Friday, November 11, 2011

Bridge to Nowhere ~ Sunday Bridges ~ 11-13-11

I am posting my "Sunday Bridge" early because as soon as Buddy gets off of work this afternoon we are headed to Richmond for him to run the half marathon part of the Richmond Marathon. We did not think he would be able to get off of work, but at the last minute someone agreed to work for him. Hope those mountains of Vermont got him into good shape. Will let you know the results. He is really psyched, and I am what’s new?
This little footbridge does go over a tiny bit of running water - I think it is man made - but it does not look like the people who own the property use it as their main means of getting from one side to the other. Still, I thought it was pretty cute and worth documenting. Just a pretty bit of local color.

This post is linked with Sunday Bridges.

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  1. Best wishes on your half Buddy. It was my favorite distance long ago. Now, I am just grateful to be able to run again after 20 years of not being able to.

  2. Looks like it would be tough to cross that bridge!! Good luck with the marathon!

  3. Superb gateway but with difficult access. I wish you a happy weekend.

  4. Oh yeah! I'd love to have this on my property! Even if they don't use it, they should still keep it inviting looking...

  5. «Louis» wishes Buddy well - and hopes you have a fine trip (despite the Interstates - he's been on I-95, so he understands where you are coming from on that!

    «Louis» also very sincerely appreciates your recommendation of his coffee!

    You are first up for Sunday Bridges. He will make sure you are linked when the post publishes. It will appear at 0001 hrs central Europe time Sunday.

  6. Good luck to Buddy! He should be in great shape for this after that hike last summer! Keep calm, he'll do fine! I love your little bridge.

  7. Definitely worth documenting, it's so cute! Great find.

  8. Hello! Theresa over at RunaroundRanch sent me your way.... I'm also in Lexington!

    I've only had a minute to look into the blog because I'm heading out the door, but can't wait to look back through your gorgeous photos!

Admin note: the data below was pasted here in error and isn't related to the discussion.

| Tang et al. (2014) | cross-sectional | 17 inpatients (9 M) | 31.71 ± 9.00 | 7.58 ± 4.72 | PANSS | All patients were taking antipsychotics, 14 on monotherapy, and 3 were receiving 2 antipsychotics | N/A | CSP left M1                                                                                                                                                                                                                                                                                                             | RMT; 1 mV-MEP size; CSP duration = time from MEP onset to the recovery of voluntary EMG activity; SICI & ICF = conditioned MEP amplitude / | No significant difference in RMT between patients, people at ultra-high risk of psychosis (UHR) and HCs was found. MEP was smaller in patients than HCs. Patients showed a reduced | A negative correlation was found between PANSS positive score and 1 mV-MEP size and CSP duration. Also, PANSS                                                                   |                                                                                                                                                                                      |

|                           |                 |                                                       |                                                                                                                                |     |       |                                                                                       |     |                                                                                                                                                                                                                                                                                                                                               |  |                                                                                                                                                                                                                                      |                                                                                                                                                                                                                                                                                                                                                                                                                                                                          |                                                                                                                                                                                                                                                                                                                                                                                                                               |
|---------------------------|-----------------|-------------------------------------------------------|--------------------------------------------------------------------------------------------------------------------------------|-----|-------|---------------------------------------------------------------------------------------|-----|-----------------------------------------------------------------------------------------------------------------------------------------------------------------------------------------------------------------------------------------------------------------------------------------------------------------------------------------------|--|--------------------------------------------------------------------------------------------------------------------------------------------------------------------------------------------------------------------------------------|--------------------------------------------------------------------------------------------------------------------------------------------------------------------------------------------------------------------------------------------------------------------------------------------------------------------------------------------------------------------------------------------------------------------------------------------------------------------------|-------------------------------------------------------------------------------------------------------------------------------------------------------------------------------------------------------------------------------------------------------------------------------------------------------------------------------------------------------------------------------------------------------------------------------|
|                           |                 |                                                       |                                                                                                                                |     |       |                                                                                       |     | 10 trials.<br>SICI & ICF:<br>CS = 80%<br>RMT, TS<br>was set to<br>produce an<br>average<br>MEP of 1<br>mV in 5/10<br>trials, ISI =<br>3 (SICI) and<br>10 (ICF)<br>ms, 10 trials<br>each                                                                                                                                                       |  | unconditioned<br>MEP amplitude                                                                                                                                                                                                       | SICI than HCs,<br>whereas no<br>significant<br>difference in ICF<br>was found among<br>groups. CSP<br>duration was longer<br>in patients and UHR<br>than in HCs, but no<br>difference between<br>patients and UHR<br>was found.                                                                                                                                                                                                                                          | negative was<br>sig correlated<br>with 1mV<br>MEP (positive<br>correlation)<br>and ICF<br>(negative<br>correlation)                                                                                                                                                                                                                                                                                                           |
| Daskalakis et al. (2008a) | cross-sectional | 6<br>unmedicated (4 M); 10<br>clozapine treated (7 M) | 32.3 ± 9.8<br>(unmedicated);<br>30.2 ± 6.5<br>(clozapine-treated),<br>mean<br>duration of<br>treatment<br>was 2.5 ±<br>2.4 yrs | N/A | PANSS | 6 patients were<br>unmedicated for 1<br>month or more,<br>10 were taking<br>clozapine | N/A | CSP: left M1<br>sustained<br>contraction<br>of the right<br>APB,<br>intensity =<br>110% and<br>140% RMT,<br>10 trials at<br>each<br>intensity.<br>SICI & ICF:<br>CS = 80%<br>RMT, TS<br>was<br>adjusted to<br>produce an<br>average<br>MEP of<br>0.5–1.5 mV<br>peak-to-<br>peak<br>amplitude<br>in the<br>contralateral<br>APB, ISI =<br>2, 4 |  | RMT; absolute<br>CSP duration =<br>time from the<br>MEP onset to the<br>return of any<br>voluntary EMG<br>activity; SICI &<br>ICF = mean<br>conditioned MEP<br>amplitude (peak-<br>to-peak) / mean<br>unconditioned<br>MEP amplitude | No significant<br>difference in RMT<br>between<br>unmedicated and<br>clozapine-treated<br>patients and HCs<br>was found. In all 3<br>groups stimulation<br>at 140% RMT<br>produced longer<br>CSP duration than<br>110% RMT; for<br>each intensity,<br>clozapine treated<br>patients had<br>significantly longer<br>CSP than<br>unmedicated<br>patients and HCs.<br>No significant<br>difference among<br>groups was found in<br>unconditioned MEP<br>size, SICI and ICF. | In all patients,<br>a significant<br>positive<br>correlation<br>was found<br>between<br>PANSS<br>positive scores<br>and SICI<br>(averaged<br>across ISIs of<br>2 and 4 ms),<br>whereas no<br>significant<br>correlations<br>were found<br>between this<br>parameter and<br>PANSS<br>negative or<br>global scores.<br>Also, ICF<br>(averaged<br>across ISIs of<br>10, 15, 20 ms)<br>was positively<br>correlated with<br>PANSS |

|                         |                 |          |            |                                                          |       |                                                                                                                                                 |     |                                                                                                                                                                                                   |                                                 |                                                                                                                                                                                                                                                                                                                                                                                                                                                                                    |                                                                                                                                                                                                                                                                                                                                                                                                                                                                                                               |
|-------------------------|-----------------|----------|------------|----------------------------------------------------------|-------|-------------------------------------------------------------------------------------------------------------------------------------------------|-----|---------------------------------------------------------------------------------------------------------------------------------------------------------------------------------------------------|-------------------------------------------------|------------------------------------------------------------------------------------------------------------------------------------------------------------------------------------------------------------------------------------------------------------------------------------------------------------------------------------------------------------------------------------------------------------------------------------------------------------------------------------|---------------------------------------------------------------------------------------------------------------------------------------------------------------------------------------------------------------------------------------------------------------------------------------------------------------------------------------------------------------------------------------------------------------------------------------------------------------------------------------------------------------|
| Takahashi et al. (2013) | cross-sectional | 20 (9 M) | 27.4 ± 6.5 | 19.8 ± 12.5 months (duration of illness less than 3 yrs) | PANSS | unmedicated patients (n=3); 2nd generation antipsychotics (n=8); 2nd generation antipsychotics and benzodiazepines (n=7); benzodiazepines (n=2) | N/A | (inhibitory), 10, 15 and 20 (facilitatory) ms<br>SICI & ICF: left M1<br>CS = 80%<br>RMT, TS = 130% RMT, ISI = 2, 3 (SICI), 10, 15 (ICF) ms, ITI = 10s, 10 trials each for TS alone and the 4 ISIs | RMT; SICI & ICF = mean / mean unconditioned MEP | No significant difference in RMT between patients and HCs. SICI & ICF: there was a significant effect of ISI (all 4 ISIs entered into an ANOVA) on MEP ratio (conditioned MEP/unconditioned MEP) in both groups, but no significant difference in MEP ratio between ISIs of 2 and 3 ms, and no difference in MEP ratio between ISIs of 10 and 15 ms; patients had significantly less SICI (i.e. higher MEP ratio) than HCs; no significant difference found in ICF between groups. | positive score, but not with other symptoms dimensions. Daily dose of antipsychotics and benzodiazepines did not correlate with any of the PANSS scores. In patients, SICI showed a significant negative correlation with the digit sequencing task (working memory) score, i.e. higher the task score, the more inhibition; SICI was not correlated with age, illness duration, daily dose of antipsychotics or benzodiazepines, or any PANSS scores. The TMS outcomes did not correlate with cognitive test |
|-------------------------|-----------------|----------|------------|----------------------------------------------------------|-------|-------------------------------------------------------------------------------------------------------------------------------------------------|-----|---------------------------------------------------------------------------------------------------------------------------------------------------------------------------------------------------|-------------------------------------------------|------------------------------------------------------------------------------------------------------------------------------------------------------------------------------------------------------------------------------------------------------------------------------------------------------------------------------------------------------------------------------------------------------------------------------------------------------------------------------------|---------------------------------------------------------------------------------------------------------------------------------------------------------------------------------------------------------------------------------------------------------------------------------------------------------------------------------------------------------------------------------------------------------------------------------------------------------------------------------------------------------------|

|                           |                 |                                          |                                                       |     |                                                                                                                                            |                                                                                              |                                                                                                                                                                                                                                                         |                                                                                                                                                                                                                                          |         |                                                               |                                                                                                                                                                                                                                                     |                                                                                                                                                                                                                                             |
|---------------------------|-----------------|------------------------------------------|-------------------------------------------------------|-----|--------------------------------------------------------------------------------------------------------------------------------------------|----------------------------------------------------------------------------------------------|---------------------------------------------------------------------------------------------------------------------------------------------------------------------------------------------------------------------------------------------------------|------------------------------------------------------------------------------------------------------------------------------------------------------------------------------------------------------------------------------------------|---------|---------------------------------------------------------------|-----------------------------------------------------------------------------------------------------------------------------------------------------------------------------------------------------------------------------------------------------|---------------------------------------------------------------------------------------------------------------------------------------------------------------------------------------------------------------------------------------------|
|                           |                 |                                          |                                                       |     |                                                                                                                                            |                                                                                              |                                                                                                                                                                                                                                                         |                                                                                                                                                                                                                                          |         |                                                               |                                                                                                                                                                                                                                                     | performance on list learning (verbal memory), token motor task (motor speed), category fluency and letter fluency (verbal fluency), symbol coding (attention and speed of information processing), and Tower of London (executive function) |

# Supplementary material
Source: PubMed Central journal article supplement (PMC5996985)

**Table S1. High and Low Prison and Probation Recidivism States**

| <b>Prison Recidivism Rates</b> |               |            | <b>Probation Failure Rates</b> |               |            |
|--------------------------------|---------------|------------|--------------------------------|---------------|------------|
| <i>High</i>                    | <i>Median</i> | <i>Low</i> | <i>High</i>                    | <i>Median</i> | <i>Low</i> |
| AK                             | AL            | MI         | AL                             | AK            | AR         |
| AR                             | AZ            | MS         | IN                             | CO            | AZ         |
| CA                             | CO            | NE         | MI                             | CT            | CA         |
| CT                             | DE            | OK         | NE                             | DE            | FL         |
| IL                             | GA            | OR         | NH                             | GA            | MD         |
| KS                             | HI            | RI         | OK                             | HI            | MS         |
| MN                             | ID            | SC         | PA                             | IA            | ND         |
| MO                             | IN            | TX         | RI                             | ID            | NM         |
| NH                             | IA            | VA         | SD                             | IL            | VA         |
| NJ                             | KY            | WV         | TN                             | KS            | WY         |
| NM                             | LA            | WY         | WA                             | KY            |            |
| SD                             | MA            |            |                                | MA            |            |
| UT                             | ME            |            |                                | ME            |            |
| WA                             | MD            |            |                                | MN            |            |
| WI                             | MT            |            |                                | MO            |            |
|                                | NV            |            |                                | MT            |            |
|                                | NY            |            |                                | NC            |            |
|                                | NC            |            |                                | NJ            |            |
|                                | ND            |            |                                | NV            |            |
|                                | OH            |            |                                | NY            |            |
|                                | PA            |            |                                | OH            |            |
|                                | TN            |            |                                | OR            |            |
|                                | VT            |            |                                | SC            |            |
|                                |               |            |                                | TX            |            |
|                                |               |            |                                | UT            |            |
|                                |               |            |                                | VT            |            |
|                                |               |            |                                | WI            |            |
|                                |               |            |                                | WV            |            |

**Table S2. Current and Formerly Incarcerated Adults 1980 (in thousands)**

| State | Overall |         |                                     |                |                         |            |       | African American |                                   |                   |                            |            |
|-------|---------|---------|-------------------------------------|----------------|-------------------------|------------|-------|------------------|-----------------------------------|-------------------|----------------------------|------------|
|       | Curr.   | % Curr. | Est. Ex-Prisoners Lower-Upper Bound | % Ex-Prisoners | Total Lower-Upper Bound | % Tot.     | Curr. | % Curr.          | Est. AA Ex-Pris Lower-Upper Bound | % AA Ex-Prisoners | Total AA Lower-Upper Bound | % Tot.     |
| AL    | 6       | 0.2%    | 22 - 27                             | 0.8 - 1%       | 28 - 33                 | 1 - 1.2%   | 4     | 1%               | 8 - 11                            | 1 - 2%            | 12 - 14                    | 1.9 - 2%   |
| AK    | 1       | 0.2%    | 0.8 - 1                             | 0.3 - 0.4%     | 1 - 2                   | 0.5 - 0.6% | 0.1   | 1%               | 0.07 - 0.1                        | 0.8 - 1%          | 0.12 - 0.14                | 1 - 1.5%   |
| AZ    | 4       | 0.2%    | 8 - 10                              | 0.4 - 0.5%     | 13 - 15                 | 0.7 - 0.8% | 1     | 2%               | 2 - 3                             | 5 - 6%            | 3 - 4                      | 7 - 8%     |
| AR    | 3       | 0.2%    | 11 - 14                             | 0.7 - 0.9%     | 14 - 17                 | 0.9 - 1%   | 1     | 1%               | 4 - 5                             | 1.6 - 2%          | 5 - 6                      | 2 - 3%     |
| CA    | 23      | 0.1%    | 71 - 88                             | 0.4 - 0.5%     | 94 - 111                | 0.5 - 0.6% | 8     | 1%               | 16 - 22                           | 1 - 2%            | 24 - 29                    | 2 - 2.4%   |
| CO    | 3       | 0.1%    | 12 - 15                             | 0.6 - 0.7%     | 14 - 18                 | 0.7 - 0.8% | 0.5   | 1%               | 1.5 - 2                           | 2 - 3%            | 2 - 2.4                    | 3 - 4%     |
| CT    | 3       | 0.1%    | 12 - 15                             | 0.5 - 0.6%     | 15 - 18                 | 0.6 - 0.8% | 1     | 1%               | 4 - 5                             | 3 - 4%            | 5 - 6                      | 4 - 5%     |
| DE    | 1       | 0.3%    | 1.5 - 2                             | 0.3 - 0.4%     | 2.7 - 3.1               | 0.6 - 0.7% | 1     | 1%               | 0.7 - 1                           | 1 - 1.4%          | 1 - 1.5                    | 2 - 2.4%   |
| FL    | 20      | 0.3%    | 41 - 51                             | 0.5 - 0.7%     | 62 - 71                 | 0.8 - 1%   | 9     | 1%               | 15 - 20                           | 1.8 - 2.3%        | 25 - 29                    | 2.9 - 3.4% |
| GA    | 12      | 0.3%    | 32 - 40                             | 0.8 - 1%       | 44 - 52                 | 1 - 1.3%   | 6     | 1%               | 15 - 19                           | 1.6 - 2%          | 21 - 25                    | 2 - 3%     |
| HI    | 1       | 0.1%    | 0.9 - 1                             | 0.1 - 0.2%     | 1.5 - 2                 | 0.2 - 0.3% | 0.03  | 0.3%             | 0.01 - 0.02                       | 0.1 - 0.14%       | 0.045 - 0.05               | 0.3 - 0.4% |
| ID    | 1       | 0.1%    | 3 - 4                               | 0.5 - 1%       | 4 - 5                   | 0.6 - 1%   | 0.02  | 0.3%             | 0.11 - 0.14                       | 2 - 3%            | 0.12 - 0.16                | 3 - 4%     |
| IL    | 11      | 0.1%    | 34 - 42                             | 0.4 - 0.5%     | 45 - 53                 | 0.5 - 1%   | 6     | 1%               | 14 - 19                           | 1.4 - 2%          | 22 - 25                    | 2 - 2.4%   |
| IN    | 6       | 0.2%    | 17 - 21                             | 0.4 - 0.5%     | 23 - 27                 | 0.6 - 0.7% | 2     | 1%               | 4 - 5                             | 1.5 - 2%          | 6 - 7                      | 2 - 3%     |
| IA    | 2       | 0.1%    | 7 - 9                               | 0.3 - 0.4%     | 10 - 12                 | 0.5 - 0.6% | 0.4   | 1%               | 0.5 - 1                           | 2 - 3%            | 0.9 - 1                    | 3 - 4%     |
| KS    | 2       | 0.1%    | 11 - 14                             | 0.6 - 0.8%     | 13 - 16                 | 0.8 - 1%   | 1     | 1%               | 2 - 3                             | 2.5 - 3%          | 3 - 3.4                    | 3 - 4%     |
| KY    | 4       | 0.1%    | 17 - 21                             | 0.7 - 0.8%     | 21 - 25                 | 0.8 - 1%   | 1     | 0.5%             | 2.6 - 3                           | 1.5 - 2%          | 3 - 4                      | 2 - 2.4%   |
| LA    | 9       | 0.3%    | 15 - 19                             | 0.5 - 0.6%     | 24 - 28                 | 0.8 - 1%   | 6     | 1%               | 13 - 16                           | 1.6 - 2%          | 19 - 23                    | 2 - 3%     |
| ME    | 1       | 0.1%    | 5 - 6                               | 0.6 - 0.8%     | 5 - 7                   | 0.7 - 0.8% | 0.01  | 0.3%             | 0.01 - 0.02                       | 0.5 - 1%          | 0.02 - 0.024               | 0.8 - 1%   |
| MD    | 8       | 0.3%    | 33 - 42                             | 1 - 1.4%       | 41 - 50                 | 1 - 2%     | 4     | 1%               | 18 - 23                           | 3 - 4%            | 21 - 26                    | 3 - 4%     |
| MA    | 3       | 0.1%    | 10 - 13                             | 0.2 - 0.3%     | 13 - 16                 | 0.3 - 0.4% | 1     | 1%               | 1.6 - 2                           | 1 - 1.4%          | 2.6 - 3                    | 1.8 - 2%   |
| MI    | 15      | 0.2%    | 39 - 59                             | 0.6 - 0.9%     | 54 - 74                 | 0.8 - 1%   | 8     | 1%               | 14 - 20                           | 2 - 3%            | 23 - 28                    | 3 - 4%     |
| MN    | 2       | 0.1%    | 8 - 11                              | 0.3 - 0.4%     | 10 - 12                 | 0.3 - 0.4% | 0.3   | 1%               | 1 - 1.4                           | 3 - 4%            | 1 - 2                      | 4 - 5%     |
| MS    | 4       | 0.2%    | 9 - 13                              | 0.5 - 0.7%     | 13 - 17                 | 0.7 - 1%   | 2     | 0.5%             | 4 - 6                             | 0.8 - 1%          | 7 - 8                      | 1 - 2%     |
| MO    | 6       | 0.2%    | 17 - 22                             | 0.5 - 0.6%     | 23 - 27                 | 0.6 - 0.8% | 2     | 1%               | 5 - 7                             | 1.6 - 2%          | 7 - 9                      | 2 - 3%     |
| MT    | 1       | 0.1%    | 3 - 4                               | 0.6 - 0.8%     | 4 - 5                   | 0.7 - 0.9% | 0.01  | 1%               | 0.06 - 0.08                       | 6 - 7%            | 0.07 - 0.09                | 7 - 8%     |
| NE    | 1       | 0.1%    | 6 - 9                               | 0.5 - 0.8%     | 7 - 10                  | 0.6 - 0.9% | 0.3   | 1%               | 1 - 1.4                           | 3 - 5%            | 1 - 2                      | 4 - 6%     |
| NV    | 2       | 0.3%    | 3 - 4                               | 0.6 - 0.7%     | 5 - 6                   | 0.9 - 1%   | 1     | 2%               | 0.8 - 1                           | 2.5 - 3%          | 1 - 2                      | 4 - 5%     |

Hope to see you in person one of these days...

  9. Very pretty image. And definitely worth taking a shot of because I don't think I've ever seen a bridge quite like this one.

  10. Now that's an interesting bridge! You might be right that is not in use anymore! Thank you for your comment . WWII had changed my dad too. He sailed all through the war together with the allied fleet consisting of American, English, Dutch and many other allied nations. The losses were huge by the attacks of German and Japanese submarines. Before the war my dad was a happy young man of 36, after the war he was an old bitter man of 41. Facing a traumatized wife and three emaciated children all scarred by the hardships of the Japanese concentration camps.It was in January 1946 that we were reunited.

  11. It seems a shame to not be using this nice little bridge, but even if it is ornamental, it is a nice touch to the property. Actually, it looks rather inviting to me; I don't think I could resist a peek through the overgrown greenery!
    hope Buddy enjoyed his half marathon!

  12. This is the kind of place as a kid that screams "come oooon in!" and over the bridge and in I'd go to explore what what's behind all the foliage! Cool shot, Genie. Hope Buddy had a good run.

  13. Buddy can do it! ^_^ These branches means "back off people". Happy Sunday!


  14. A very nice image Genie.

  15. Oi, the shrubbery is taking over the bridge!
    I'm glad we both found funny little bridges this week.

  16. Hi Genie! You wanted to know something about Erasmus. Well Wikipedia says:"Desiderius Erasmus Roterodamus (October 28, 1466 – July 12, 1536), known as Erasmus of Rotterdam, was a Dutch Renaissance humanist, Catholic priest, and a theologian.

    Erasmus was a classical scholar who wrote in a pure Latin style and enjoyed the sobriquet "Prince of the Humanists." He has been called "the crowning glory of the Christian humanists." Using humanist techniques for working on texts, he prepared important new Latin and Greek editions of the New Testament. These raised questions that would be influential in the Protestant Reformation and Catholic Counter-Reformation. He also wrote The Praise of Folly, Handbook of a Christian Knight, On Civility in Children, Copia: Foundations of the Abundant Style, Julius Exclusus, and many other works.

    Erasmus lived through the Reformation period, but while he was critical of the Church, he could not bring himself to join the cause of the Reformers. In relation to clerical abuses in the Church, Erasmus remained committed to reforming the Church from within. He also held to Catholic doctrines such as that of free will, which some Reformers rejected in favor of the doctrine of predestination. His middle road approach disappointed and even angered scholars in both camps. He died in Basel in 1536 and was buried in the formerly Catholic cathedral there, which had been converted to a Reformed church in 1529.

    Erasmus was his baptismal name, given after St. Erasmus of Formiae. Desiderius was a self-adopted additional name, which he used from 1496. The Roterodamus in his scholarly name is the Latinized adjectival form for the city of Rotterdam".
    I couldn't have told the story of his life better! ;))

  17. Cute bridge and hope he did well at the marathon!